The scanning fibre endoscope illuminates tissues with multiple laser beams and digitally reconstructs high-definition images of the carotid artery.
A team of researchers from the University of Washington and University of Michigan have found a way to use a medical camera to view the carotid artery and spot cardiovascular risks.
A new paper from UW and University of Michigan researchers in Nature Biomedical Engineering reports proof-of-concept results for this new imaging platform for atherosclerosis based on a medical camera developed by a University of Washington mechanical engineer.
“The camera actually goes inside the vessels,” said first author Luis Savastano, a Michigan Medicine resident neurosurgeon. “We can see with very high resolution the surface of the vessels and any lesions, such as a ruptured plaque, that could cause a stroke. This technology could possibly find the ‘smoking gun’ lesion in patients with strokes of unknown cause, and may even be able to show which silent, but at-risk, plaques may cause a cardiovascular event in the future.”
The scanning fibre endoscope, or SFE, used in the study was invented and developed by co-author and UW mechanical engineering research professor Eric Seibel. He originally designed it for early cancer detection to clearly image cancer cells that are currently invisible with clinical endoscopes.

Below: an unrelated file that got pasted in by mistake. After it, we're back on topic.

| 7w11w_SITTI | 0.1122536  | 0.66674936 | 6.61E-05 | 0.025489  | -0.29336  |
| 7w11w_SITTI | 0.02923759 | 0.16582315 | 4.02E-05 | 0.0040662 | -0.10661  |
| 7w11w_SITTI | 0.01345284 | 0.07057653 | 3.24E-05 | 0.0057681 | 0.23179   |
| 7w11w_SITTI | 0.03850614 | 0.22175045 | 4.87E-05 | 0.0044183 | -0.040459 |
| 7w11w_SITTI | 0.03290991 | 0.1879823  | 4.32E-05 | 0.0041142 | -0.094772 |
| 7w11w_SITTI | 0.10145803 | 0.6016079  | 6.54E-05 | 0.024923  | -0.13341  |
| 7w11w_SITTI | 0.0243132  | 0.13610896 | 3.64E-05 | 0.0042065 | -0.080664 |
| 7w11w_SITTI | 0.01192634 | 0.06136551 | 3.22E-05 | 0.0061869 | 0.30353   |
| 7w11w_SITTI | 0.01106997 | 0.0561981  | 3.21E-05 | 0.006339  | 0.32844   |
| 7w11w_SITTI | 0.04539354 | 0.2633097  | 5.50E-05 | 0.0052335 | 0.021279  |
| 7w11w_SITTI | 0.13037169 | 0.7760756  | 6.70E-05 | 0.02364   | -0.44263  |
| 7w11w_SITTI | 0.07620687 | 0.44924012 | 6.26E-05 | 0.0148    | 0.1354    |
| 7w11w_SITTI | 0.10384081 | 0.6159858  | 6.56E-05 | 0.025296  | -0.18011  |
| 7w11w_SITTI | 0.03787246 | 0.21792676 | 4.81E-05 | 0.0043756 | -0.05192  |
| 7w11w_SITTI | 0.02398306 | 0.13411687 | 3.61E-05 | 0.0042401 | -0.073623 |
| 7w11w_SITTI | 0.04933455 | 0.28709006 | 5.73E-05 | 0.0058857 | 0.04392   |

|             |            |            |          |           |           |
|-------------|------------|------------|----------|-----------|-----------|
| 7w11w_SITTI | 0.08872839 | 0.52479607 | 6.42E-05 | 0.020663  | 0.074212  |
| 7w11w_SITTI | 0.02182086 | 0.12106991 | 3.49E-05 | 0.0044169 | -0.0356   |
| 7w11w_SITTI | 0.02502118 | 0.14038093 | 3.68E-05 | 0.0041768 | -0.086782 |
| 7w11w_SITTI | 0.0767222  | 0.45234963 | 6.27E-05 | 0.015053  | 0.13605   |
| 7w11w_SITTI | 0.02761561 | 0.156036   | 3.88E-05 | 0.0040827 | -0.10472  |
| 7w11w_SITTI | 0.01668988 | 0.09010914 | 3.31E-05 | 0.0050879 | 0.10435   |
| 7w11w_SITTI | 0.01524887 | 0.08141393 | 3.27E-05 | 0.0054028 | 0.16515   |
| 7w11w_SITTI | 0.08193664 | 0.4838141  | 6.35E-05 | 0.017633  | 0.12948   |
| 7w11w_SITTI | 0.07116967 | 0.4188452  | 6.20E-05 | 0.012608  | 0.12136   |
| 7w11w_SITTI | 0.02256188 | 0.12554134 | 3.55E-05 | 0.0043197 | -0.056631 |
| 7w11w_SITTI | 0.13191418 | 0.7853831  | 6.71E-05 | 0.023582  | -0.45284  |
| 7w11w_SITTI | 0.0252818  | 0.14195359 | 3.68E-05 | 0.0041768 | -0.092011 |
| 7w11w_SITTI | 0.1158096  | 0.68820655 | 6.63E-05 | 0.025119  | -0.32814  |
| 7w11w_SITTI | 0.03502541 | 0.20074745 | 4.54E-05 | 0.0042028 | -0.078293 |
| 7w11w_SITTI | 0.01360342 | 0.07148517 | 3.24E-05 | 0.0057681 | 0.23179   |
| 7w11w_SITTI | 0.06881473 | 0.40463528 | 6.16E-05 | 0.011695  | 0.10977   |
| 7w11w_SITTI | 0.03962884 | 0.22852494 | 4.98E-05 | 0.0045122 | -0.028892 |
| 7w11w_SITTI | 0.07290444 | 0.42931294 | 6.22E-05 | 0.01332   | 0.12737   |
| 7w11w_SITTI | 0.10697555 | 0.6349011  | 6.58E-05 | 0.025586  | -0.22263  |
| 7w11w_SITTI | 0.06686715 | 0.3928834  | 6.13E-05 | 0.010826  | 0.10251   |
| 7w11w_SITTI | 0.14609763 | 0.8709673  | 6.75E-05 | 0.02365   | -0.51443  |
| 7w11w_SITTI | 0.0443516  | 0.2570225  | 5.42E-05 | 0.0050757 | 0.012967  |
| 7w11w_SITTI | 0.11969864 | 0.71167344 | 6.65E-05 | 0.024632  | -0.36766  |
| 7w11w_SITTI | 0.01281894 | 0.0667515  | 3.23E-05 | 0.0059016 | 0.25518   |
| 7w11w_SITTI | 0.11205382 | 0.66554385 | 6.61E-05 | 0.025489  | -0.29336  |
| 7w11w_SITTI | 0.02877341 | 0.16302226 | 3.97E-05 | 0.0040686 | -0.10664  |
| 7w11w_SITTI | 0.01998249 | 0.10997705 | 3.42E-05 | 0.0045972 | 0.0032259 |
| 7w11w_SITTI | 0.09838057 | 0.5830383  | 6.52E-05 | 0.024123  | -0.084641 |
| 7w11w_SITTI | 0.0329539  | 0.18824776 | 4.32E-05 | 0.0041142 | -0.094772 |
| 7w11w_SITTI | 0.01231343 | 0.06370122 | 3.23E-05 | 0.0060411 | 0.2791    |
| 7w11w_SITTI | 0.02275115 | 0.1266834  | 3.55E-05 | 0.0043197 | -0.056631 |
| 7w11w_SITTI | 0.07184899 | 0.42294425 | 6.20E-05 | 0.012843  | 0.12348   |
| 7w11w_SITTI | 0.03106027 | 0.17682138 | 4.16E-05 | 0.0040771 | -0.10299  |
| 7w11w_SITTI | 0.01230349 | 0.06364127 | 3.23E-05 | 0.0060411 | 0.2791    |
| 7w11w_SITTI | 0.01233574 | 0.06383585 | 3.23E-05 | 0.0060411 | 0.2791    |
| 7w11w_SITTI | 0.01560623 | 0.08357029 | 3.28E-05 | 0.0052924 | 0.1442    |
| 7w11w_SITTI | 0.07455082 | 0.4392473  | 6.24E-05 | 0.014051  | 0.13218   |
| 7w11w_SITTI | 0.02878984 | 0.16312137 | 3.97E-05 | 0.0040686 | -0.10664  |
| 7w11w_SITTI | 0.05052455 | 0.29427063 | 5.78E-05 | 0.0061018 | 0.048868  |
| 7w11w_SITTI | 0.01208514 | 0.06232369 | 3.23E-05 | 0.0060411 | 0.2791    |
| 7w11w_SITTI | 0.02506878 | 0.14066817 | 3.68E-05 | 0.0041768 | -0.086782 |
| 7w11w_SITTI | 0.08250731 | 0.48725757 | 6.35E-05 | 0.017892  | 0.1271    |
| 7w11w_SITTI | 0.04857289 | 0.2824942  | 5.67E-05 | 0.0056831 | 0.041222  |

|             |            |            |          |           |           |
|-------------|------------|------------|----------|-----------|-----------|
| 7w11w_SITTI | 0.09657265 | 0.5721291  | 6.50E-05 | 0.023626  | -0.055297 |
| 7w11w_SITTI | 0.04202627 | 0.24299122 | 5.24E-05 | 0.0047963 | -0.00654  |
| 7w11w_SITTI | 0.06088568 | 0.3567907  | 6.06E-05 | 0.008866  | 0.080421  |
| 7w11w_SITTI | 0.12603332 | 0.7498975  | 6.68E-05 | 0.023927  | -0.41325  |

The Michigan Medicine team, meanwhile, used the instrument to acquire high-quality images of possible stroke-causing regions of the carotid artery that may not be detected with conventional radiological techniques.
Figure 1: Scanning fibre angioscopic images with red reflectance for structural images (left) and blue fluorescence for label-free biochemical contrast (right). Images demonstrate multiple atherosclerotic lesions with very low fluorescence in the blue spectrum in comparison to the surrounding healthy artery. (Source: University of Michigan)
Researchers generated images of human arteries using the SFE, which illuminates tissues with multiple laser beams and digitally reconstructs high-definition images to determine the severity of atherosclerosis and other qualities of the vessel wall.
“In addition to discovering the cause of the stroke, the endoscope can also assist neurosurgeons with therapeutic interventions by guiding stent placement, releasing drugs and biomaterials and helping with surgeries,” said Seibel.
In addition, the SFE uses fluorescence indicators to show key biological features associated with increased risk of stroke and heart attacks in the future. The research is still in the pre-clinical phase, according to the group.
The research was funded by the American Association of Neurological Surgeons and Congress of Neurological Surgeons, and National Institutes of Health.